As many of you know from my occasional Books That Should Be Games posts, I’m an avid gamer when I’m not working, gardening, or reading. Thanks to the modern phenomenon of multimedia franchise building I sometimes get to combine reading and gaming by way of novels written in the universes of video games I love. My most recent foray into this realm was “Diablo: The Order” by Nate Kenyon.
For those unfamiliar with the franchise, Diablo is a series of games from Blizzard Entertainment wherein you control a hero in isometric perspective who must face down a horde of demonic and undead beasts in order to defeat Diablo, the Lord of Terror. The gameplay is simple and formulaic and the storylines aren’t terribly complex either, but the universe is a colorful and interesting tapestry that’s a great deal of fun to explore.
Throughout the three Diablo games, there is one character you meet repeatedly at critical moments; the wise old sage named Deckard Cain. In the original Diablo, he serves the role of the town schoolmaster in Tristram, identifying magic items and humbly offering advice that seems to suggest he may know more about the darkness that has ensnared the town than he cares to admit. In the second game, Deckard is rescued by the hero from the fiery remains of Tristram in order to provide insight and guidance along the journey.
In the most recent installment, the character learns that Deckard has adopted a charge, the young woman Leah, raising her from a child as he wandered the world searching for the information that would help him complete an ancient prophecy about the end of the world. “Diablo: The Order” is the story of how they came to be together.
The thing about video game books is that they tend to run hot or cold. Some of them are really great and tell an amazing story that satisfies while also building on the universe you’ve come to love. Others just seem very unnecessary. Thankfully, “Diablo: The Order” falls into the former category.
The story is fairly standard fare for the Diablo universe but has some interesting intrigue thrown in to keep you guessing about where certain pieces of information came from. A madman discovers texts of the old Horadrim (an order of mages founded by an archangel to slay the big boss demons) but interprets them wrong and is twisted toward evil. He enacts a plan to bring about the end of the world by summoning and becoming the vessel for Belial, Lord of Lies. Deckard, Leah and a monk named Mikulov are drawn into a quest to stop him.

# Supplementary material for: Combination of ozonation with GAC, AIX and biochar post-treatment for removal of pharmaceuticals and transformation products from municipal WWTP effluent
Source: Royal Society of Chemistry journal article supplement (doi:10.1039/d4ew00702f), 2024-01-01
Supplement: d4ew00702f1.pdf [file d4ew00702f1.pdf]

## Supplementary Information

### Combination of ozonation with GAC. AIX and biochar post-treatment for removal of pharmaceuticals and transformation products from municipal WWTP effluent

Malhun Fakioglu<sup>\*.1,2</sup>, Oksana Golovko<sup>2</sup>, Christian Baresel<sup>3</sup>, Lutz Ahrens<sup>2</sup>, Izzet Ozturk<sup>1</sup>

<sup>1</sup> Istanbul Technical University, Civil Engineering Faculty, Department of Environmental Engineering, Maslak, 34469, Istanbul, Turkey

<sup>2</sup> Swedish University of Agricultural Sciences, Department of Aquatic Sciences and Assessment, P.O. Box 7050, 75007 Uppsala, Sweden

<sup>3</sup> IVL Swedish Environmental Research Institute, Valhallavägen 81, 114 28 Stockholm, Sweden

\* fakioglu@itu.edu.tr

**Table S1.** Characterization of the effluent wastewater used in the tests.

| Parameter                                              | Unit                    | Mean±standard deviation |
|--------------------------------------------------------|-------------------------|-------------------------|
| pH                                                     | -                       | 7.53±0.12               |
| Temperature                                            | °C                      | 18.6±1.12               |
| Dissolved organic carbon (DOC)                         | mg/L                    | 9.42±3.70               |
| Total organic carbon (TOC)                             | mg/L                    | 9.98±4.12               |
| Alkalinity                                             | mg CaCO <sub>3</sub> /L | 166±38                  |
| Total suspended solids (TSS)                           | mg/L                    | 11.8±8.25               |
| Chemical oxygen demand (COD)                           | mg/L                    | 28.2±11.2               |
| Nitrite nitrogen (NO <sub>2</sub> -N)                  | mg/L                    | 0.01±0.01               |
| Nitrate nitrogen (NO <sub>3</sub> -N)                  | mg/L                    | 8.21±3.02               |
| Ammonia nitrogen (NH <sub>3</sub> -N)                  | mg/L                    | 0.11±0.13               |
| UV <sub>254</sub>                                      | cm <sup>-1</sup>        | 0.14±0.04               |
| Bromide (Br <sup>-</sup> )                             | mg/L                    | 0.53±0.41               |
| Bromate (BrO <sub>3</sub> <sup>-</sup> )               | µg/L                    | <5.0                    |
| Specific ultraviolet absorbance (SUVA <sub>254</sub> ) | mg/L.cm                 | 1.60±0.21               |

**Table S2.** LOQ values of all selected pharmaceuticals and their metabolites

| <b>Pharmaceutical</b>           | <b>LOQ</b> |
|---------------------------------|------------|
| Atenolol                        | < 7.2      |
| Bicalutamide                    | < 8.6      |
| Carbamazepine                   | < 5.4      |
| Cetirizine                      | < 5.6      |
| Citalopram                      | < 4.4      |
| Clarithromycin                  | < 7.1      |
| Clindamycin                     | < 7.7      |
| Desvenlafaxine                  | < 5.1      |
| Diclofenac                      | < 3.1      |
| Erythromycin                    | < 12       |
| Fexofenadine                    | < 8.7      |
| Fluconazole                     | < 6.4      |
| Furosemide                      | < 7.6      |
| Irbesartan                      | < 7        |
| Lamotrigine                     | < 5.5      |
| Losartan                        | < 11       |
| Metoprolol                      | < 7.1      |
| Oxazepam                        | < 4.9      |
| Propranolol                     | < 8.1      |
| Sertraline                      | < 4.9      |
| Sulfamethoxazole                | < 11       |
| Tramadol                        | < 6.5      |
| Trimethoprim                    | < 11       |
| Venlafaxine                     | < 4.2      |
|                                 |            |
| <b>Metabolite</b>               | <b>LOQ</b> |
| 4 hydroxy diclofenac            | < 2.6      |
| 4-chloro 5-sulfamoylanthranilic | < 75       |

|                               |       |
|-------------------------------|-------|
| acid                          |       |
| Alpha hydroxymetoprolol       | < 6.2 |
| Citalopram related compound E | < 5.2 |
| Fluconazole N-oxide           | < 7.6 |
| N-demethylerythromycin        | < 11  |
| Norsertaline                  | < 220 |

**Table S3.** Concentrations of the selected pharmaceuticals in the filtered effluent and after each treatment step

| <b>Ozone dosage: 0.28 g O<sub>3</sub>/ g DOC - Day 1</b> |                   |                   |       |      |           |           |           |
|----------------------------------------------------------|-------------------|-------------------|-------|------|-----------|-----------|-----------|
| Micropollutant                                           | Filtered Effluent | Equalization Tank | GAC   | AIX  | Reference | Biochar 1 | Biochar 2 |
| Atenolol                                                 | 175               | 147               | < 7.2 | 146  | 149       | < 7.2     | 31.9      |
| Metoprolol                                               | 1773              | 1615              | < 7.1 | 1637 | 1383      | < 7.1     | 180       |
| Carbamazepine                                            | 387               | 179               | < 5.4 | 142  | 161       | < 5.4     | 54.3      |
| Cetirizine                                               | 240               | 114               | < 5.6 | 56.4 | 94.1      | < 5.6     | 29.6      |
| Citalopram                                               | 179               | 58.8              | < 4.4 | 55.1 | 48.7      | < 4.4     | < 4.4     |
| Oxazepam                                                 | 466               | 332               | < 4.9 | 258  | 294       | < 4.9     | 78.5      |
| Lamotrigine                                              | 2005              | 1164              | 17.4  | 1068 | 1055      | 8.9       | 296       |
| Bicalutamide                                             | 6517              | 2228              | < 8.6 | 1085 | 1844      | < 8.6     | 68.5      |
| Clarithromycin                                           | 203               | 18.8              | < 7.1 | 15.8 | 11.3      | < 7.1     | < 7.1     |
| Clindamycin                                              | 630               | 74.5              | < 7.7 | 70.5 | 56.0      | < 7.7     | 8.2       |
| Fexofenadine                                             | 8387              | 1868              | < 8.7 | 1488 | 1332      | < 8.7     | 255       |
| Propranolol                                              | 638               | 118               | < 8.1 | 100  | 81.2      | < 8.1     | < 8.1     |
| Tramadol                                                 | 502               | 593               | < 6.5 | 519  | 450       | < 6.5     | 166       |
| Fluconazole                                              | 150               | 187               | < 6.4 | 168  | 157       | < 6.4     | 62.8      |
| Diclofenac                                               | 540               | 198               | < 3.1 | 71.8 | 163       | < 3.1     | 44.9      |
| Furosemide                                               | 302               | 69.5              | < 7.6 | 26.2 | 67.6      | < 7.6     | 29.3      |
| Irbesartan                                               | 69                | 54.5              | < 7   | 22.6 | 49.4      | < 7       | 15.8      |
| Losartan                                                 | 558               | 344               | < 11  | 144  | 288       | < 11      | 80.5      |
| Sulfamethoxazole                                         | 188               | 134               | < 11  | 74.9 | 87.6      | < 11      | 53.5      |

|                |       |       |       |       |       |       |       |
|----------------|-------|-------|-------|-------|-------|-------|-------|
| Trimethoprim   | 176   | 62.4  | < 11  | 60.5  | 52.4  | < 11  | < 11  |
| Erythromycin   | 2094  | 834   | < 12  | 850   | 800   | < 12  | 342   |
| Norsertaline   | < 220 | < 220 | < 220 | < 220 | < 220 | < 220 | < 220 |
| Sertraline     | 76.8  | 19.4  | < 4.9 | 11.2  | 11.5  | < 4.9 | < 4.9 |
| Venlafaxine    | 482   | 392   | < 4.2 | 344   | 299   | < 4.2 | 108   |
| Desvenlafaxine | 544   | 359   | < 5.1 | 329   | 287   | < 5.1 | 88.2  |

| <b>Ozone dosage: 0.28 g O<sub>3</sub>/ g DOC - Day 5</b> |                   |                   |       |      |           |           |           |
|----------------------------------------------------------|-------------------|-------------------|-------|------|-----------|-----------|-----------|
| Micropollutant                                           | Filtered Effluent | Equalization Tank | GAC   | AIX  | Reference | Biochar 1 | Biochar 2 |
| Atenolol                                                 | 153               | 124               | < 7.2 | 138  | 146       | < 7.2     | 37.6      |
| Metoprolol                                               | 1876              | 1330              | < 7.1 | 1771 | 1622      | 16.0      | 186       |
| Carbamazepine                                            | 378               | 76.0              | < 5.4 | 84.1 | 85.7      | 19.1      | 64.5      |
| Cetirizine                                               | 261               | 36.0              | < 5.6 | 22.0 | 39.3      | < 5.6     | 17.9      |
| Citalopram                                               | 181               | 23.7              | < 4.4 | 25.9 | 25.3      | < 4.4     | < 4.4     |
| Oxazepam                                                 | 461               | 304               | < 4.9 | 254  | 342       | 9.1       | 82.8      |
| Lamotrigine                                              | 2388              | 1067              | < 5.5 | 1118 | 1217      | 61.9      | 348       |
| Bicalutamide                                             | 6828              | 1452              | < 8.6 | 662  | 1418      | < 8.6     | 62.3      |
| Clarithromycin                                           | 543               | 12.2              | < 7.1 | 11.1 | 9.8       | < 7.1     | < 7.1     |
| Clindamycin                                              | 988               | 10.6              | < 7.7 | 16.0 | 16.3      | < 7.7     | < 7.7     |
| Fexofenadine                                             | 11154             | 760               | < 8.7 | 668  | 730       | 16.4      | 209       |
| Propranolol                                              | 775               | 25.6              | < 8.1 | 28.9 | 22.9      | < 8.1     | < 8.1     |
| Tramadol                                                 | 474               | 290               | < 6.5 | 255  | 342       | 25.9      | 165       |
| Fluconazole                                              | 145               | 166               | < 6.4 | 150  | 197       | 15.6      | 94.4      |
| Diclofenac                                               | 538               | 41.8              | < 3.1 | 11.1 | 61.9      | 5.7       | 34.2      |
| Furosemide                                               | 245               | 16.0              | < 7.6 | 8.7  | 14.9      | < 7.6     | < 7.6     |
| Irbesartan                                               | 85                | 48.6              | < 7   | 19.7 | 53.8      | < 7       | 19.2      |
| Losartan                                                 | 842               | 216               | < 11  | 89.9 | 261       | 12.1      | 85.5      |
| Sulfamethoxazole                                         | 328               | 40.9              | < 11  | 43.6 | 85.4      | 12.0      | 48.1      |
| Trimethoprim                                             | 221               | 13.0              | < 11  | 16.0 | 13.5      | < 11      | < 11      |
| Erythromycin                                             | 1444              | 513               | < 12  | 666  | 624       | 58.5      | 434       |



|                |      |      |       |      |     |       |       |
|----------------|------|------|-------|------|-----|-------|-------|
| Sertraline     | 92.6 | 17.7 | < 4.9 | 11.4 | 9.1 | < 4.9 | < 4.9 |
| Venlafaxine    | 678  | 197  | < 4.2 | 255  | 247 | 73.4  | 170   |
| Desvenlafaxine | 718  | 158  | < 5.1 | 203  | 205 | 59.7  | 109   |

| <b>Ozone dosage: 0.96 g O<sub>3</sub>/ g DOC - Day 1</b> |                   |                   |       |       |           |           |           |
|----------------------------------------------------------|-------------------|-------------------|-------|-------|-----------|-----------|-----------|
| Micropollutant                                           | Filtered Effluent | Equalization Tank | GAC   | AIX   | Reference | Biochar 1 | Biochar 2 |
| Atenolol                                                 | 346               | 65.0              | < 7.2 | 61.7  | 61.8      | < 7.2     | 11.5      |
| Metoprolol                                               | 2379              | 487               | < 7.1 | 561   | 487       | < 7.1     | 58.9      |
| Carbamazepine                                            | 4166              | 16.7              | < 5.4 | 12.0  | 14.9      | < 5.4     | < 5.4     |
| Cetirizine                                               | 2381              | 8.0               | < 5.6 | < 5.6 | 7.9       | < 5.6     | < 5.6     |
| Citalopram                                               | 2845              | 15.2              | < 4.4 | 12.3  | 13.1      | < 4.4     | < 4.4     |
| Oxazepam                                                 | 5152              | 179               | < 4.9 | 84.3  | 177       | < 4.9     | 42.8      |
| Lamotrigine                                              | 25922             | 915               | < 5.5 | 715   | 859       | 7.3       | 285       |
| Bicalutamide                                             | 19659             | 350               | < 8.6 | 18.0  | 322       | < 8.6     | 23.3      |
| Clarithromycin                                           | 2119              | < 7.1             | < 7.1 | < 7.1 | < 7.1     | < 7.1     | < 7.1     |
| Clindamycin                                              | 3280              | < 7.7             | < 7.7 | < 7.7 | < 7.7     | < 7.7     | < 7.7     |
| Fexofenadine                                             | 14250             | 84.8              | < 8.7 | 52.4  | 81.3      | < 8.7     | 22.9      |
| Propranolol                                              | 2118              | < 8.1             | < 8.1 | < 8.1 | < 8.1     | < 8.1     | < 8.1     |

Where this book really shines is the characterization of Deckard Cain. You get a much deeper look into Cain’s backstory and personality than you get in the games alone, and yet everything fits with what we know of him in the games. Kenyon does a great job with Cain’s dialogue. As you read the book, every line of his sounds comfortable in that familiar gravelly lilt we’ve come to know and love, while never becoming monotonous and keeping the necessary emotion and diction.
For those who are not fans or simply unfamiliar with the Diablo franchise, the book may be somewhat more difficult to get into. Still, I think fantasy fans, in general, can find a lot to love in this title and it’s a recommended read for those looking for a fast and action-packed fantasy adventure. I give it 4 out of 5 stars (check out my rating system for a clearer definition of what that means).